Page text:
Water: The most important natural resource in Canada
By Stephanie Reed
Posted on December 27, 2021
Canada is home to the largest freshwater lake system in the world, which includes the five great lakes—Superior, Michigan, Erie, Ontario, and Huron. There are also thousands of other beautiful smaller lakes including Lake Winnipeg, Great Bear Lake, Great Slave Lake, Lake Athabasca, and Lake Winnipegosis. The country is further bordered by three oceans: Pacific on the west coast, Atlantic on the east coast, and the Arctic Ocean in the north.
Canada’s water systems, dependency on water for recreational activities, and careful preservation of this natural resource may be unfamiliar compared to the water systems in other countries. Therefore, understanding the measures in place for safe drinking water, and the various different recreational activities around water may help ease any questions that might have felt intimidating or confusing.
The Royal Bank of Canada (RBC) was involved in producing a survey (within their “Blue Water Project”) regarding the concerns Canadians have about drinking water. The results discovered the greatest concerns were in regard to water pollution, waste and overconsumption, quality of drinking water, and mass export of the country’s arguably most valuable natural resource.
What Canadians might not know is that there is a strategic approach in place to manage the safety of drinking water. In simple terms, the water supply in Canada has three parts: The source of water, the treatment system, and the distribution system. Within the system that distributes drinking water to schools, homes, offices, businesses, etc., there is a multi-barrier approach, as well as drinking water guidelines, in place to ensure safe consumption of water in Canada.
The multi-barrier approach involves careful selection of the source, implementing safe and effective water treatment, and protecting the lake or river from contamination that would lower the quality.
Canadian rivers discharge close to nine per cent of the world’s renewable water supply, despite Canada only representing one per cent of the world’s population. It becomes a social, economic, and environmental responsibility placed on Canada to ensure there are precautions in place to preserve this one-of-a-kind resource.
The preservation of water is a system learned and respected from the Indigenous history of Canada. Indigenous generations have always made decisions that consider the long-term effects for future generations. As the protection of water has become a higher priority in Canada over the years, the water system has taken the necessary steps to avoid interference with wildlife, fish, and ecosystems, while also instilling trustworthy safety measures to attain drinking water. Canada is not perfect however, and there are still ways we are not respecting the resources and wildlife.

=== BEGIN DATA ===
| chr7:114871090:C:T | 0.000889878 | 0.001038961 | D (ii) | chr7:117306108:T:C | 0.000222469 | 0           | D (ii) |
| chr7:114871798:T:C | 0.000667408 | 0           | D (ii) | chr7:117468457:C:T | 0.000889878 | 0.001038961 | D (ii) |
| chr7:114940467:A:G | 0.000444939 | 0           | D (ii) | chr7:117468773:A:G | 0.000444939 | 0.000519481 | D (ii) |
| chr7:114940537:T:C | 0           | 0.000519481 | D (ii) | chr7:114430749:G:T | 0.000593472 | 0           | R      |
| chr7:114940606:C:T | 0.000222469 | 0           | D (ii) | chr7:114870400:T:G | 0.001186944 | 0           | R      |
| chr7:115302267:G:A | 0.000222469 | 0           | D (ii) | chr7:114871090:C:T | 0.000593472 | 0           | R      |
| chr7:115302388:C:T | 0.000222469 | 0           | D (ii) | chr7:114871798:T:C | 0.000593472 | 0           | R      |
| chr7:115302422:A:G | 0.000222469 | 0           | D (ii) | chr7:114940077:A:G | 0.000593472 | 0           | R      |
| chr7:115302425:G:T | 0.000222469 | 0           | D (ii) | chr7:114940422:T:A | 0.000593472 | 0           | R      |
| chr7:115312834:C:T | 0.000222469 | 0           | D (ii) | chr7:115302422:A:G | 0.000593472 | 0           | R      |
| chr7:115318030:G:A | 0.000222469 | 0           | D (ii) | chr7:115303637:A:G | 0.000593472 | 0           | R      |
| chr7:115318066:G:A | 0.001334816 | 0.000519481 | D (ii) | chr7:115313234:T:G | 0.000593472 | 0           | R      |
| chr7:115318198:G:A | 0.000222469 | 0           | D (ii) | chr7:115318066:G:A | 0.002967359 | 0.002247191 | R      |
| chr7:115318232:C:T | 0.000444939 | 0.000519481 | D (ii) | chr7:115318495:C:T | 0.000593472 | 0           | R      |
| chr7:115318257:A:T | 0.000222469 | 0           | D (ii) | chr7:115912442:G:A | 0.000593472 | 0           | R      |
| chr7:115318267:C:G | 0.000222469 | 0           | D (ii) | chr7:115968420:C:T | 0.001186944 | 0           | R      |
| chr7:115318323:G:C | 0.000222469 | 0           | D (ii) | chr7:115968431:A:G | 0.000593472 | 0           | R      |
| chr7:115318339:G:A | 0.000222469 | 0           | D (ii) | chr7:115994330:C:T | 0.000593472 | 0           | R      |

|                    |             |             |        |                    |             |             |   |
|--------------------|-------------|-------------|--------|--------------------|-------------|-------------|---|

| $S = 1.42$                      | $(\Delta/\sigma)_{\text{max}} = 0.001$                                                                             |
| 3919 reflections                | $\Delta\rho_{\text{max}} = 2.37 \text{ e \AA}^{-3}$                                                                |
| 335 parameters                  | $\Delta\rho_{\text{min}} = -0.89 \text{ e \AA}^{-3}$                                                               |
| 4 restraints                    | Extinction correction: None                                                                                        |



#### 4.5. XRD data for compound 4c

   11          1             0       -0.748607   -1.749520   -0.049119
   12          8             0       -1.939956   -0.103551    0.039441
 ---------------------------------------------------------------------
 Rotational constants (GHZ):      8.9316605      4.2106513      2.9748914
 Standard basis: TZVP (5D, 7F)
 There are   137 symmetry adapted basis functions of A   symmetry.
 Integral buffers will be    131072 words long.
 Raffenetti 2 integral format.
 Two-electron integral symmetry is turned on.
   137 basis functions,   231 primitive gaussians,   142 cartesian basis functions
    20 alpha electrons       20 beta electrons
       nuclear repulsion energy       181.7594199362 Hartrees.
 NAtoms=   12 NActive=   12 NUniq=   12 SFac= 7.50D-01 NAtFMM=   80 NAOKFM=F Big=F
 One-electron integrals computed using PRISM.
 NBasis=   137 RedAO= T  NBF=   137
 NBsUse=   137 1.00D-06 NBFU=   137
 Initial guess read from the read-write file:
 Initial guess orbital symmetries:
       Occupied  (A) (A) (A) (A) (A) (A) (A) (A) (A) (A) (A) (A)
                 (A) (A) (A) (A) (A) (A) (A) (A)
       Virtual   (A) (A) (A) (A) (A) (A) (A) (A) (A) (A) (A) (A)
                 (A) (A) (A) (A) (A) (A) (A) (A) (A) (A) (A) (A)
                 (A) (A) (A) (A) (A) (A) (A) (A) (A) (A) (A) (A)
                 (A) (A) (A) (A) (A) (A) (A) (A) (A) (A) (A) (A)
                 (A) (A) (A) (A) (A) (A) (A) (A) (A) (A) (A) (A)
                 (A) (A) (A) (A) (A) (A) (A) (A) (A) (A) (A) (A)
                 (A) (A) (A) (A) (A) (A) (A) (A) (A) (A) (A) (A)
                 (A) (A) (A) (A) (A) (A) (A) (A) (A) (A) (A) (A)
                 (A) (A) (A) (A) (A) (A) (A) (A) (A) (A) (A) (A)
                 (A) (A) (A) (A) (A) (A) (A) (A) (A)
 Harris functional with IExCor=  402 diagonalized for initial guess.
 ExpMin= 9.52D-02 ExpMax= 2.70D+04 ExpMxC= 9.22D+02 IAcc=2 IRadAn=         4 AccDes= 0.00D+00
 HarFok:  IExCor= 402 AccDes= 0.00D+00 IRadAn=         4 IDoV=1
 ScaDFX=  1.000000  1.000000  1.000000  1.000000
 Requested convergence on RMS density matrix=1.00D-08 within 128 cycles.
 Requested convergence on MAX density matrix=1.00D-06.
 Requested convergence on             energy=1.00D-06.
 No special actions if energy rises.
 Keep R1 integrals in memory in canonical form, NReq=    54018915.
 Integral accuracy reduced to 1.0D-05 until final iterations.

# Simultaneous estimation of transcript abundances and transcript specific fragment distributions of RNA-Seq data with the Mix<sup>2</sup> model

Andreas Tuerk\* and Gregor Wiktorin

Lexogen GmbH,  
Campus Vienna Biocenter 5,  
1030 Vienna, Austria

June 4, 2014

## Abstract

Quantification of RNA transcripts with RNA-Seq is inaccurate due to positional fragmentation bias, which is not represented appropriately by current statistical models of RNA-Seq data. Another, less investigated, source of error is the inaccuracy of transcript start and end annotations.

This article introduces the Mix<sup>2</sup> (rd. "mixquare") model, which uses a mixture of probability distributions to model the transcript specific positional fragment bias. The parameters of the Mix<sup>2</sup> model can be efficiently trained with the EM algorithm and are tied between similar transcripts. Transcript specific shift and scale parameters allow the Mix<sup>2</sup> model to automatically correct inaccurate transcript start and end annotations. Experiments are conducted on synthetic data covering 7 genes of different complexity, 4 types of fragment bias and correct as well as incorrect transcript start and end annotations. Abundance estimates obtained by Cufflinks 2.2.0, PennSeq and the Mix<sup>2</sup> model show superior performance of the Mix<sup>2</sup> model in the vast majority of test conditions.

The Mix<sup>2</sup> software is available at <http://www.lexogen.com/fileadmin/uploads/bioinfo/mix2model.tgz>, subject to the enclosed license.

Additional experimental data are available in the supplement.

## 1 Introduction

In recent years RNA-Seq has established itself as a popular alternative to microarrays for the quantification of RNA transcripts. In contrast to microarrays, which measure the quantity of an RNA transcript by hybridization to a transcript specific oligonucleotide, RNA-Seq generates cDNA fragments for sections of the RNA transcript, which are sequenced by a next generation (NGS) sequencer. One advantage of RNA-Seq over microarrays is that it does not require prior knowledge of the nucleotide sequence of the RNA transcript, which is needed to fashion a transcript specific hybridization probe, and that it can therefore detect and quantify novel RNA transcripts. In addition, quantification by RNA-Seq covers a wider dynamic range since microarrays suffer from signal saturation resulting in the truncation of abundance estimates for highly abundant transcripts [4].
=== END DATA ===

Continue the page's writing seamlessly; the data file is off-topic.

Water is used for a vast number of recreational activities in Canada. The ability to swim in many of Canada’s natural rivers and lakes has created seasonal activities, traditions, businesses, sports, and pastimes connected to the resource of water. Cottaging is a popular past-time in Canada on bodies of water, as well as fishing, boating, canoeing, kayaking, and swimming.
In addition, learning how to swim is an extremely important skill for children and adults to have, in order to stay safe while enjoying the beautiful lakes, rivers, and oceans accessible in Canada. In 2014, a Statistics Canada study found that swimming was the most popular organized sport for children. Feeling confident in one’s swimming capabilities makes it so much easier to enjoy all the recreational activities associated with water.
In general, it is clear water is a major system relied upon in Canada. The abundance of freshwater in Canada is argued to be the country’s greatest wealth. The access and reliance on water has created communities through the sports played in Canada surrounding water, summer recreational activities, and more. Learning about this resource and how to protect and preserve it, is something all Canadians can do.